Prime Minister Vladimir Putin called for restructuring a network of regional and local authorities and stopping their enlargement.
He said the growing number of regional and municipal officials and a result the growth of administrative expenses remained one of the serious problems in Russia.
"We could see this tendency even in the first half of 2009, when the crisis was at its peak. That's totally wrong," Putin said at a meeting of the government commission on regional development.
He said administrative expenses at the federal and municipal levels had increased by 30 percent in 2008. The growth in 2009 was not as big - 4 percent -- because of the crisis. "But still there was a growth, and this at a time of crisis, when we try to economise wherever possible. I flatly reject references to new tasks. This network should be restructured," Putin said.
He also said that ineffective administrative expenditures were unacceptably big and had exceeded 116 billion roubles in 2008.
Putin urged regions to live according to their means and stop inflating budget expenditures.
Consolidated regional and municipal budget expenditures in 2009 increased by 4 percent and in some regions by more than 25 percent, Putin said at a meeting of the commission on regional development.
He noted that many regions are increasing public administration and other such expenditures. "On the whole, consolidated regional and municipal budget expenditures for administrative bodies in 2009 increased by 4 percent, and in some regions by more than 25 percent," the prime minister said, adding that the growth was 38 percent in the Magadan region, 30 percent in Ingushetia, 25 percent in the Nizhny Novgorod region, 27 percent in Moscow, and 24 percent in Adygeya.
"The following arguments are put forth: the overall workload for the administrative personnel is increasing and money is needed for the work of anti-crisis groups, monitoring and other additional functions. New funding is secured for such tasks," Putin said.
"Anti-crisis management should be ensured by way of internal redistribution of resources and personnel, saving in less important areas rather than by inflating staffs and budgets," he added.
Only officials in Ingushetia could account for such growth. Until recently legislation allowed civil servants in Ingushetia to be underpaid for special conditions of work, Ingush government chief of staff Ayub Gagiyev said. Under federal legislation, the extra pay may be as big as up to 200 percent of the base salary, but did not exceed 50 percent in the republic. "We have brought the extra pay in line with federal legislation. As a result, civil servant expenditures have increased since May of this year," he explained to the business daily Vedomosti.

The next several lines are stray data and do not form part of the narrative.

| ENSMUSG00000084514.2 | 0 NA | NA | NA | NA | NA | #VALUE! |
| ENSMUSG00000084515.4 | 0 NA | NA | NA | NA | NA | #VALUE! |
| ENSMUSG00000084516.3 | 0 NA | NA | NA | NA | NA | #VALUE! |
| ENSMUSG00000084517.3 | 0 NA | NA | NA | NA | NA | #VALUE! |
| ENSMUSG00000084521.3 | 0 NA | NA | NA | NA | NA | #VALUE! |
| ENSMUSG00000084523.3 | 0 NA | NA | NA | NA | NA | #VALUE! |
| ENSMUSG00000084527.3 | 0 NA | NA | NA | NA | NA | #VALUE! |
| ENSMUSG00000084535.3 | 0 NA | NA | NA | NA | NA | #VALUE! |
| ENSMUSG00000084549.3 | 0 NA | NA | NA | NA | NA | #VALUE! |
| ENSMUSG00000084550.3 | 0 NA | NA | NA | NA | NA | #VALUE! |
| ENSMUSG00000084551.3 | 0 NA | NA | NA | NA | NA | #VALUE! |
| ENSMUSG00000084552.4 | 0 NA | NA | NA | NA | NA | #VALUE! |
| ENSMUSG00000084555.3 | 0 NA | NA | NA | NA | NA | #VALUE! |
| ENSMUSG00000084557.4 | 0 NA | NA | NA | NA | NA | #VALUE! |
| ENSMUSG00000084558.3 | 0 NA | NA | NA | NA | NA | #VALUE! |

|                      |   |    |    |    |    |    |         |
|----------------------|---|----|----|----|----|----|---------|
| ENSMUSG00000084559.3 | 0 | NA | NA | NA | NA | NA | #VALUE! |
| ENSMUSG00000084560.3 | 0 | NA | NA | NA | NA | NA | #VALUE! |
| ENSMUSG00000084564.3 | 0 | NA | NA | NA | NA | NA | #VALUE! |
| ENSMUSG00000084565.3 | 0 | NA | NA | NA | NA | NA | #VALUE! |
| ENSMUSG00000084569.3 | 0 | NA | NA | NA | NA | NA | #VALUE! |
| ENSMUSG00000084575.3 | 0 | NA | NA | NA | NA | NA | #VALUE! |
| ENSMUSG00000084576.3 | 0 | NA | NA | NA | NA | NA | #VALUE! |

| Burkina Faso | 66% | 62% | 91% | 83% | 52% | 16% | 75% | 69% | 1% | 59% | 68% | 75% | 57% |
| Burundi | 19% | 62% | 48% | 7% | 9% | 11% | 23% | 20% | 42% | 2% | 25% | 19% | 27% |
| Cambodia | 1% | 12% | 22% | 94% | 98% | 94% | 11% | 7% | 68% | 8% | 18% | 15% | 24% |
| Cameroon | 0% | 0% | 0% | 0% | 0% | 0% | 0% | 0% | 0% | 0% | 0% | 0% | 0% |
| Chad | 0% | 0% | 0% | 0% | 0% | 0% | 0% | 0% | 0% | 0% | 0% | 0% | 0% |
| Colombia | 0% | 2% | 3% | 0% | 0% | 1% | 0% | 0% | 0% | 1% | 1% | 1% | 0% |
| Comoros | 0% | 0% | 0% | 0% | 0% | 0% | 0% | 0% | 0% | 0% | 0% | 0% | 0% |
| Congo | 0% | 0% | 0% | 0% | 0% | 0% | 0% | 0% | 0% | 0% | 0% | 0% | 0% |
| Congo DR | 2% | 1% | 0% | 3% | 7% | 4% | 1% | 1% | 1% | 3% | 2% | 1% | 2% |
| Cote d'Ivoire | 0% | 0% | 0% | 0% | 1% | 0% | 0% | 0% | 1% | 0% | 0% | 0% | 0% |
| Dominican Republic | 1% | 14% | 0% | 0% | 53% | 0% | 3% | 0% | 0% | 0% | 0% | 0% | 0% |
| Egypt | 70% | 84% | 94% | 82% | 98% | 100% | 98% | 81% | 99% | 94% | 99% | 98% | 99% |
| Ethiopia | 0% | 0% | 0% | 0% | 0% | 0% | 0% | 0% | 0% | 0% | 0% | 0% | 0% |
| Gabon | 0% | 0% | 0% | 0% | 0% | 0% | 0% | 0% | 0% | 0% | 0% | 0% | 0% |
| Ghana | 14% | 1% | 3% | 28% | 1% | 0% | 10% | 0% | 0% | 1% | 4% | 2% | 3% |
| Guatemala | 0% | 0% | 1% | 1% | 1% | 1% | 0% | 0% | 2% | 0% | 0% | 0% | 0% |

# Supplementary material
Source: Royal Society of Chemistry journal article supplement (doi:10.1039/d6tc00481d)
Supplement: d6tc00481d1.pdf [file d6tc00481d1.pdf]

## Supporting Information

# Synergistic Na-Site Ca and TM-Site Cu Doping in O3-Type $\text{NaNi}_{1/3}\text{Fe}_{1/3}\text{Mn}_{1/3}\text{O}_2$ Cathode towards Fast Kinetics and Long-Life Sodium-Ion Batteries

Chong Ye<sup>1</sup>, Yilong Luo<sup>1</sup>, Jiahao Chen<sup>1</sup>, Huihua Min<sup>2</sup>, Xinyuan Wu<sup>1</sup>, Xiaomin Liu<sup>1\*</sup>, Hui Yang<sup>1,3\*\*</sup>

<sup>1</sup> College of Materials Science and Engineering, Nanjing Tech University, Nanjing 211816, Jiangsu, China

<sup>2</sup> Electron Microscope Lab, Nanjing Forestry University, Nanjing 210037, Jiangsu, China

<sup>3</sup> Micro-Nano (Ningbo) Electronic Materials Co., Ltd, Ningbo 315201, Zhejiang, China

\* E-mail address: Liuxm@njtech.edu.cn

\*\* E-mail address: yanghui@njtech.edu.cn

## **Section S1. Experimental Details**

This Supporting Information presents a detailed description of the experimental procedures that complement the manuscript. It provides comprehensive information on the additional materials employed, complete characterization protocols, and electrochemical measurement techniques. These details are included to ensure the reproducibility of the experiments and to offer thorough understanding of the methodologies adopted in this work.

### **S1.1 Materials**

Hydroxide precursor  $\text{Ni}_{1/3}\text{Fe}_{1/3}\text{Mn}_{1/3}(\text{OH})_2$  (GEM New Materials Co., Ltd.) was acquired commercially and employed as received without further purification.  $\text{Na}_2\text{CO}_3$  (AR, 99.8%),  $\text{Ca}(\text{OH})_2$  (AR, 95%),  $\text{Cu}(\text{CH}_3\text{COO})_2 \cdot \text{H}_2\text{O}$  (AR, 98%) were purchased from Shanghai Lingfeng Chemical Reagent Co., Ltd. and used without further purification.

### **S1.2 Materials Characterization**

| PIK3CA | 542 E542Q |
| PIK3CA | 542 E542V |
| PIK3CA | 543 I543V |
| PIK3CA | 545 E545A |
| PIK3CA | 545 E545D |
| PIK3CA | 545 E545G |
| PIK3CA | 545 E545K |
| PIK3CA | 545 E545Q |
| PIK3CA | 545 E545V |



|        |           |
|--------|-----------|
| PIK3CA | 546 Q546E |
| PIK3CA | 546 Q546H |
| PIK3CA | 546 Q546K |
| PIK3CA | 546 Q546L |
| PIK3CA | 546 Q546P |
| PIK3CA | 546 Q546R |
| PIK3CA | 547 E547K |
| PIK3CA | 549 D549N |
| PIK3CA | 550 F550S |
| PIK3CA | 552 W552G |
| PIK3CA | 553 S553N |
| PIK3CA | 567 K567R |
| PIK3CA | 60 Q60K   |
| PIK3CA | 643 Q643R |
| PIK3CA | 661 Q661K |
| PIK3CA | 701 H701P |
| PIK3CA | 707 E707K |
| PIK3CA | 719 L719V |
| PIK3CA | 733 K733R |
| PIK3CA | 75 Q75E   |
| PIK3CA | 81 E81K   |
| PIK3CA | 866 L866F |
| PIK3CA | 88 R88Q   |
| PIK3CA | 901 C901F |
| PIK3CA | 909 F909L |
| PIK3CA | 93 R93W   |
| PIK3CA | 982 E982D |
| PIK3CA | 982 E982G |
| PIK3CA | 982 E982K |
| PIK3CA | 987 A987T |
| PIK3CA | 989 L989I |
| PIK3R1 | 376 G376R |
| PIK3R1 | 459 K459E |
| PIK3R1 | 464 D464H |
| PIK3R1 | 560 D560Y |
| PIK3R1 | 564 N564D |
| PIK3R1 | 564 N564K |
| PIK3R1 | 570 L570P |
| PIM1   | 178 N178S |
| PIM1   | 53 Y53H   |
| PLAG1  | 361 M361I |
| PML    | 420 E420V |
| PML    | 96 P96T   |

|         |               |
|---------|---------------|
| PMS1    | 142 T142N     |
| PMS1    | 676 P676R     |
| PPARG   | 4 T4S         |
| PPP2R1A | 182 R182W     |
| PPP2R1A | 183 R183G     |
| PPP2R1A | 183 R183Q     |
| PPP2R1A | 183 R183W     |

"The second factor behind the growth of administrative expenditures is that the minimum wage is 4,330 roubles since January 1. But before that many categories of civil servants received less, and we have to obligate all governmental institutions to pay salaries that at least match that amount. The number of government officials in the republic has decreased from last year by 5 percent to about 1,000 people."
Putin urged regions to live according to their means.
Kudrin said earlier that the optimisation of administrative expenditures in Russian regions was inevitable.
"Today's signal sent to regions by the chairman of the government will be taken into account," he said.
The minister said the regions that fail to optimise administrative expenditures would get small aid.
According to the minister, travel, repair, purchase and automobile expenses would be cut by 15 percent in 2010.
"When drafting the budget for 2010 we sharply reduced ministerial and departmental expenditures," Kudrin said.
Administrative expenditures were cut by 30 percent in 2009 and will be cut by another 15 percent in 2010. "The overall reduction will exceed 40 percent," the minister said.
According to an FBK survey, combined administrative expenses in the first six months of the year increased by 3.8 percent in regions and by 16.4 percent at the federal level.
Due to the crisis, budget revenues are plummeting, but expenditures, primarily administrative ones, are growing.
Combined administrative expenses in regional budgets in the first six months of 2009 exceeded last year's indicator by 3.8 percent. But federal administrative expenses grew much faster at a rate of 16.4 percent in the same period.
The director of FBK's Department of Strategic Analysis, Igor Nikolayev, believes that the federal government's complaints that regional authorities are inflating administrative expenses seem to be unjustified. It's the other way round: the federal government appears to be much less modest.
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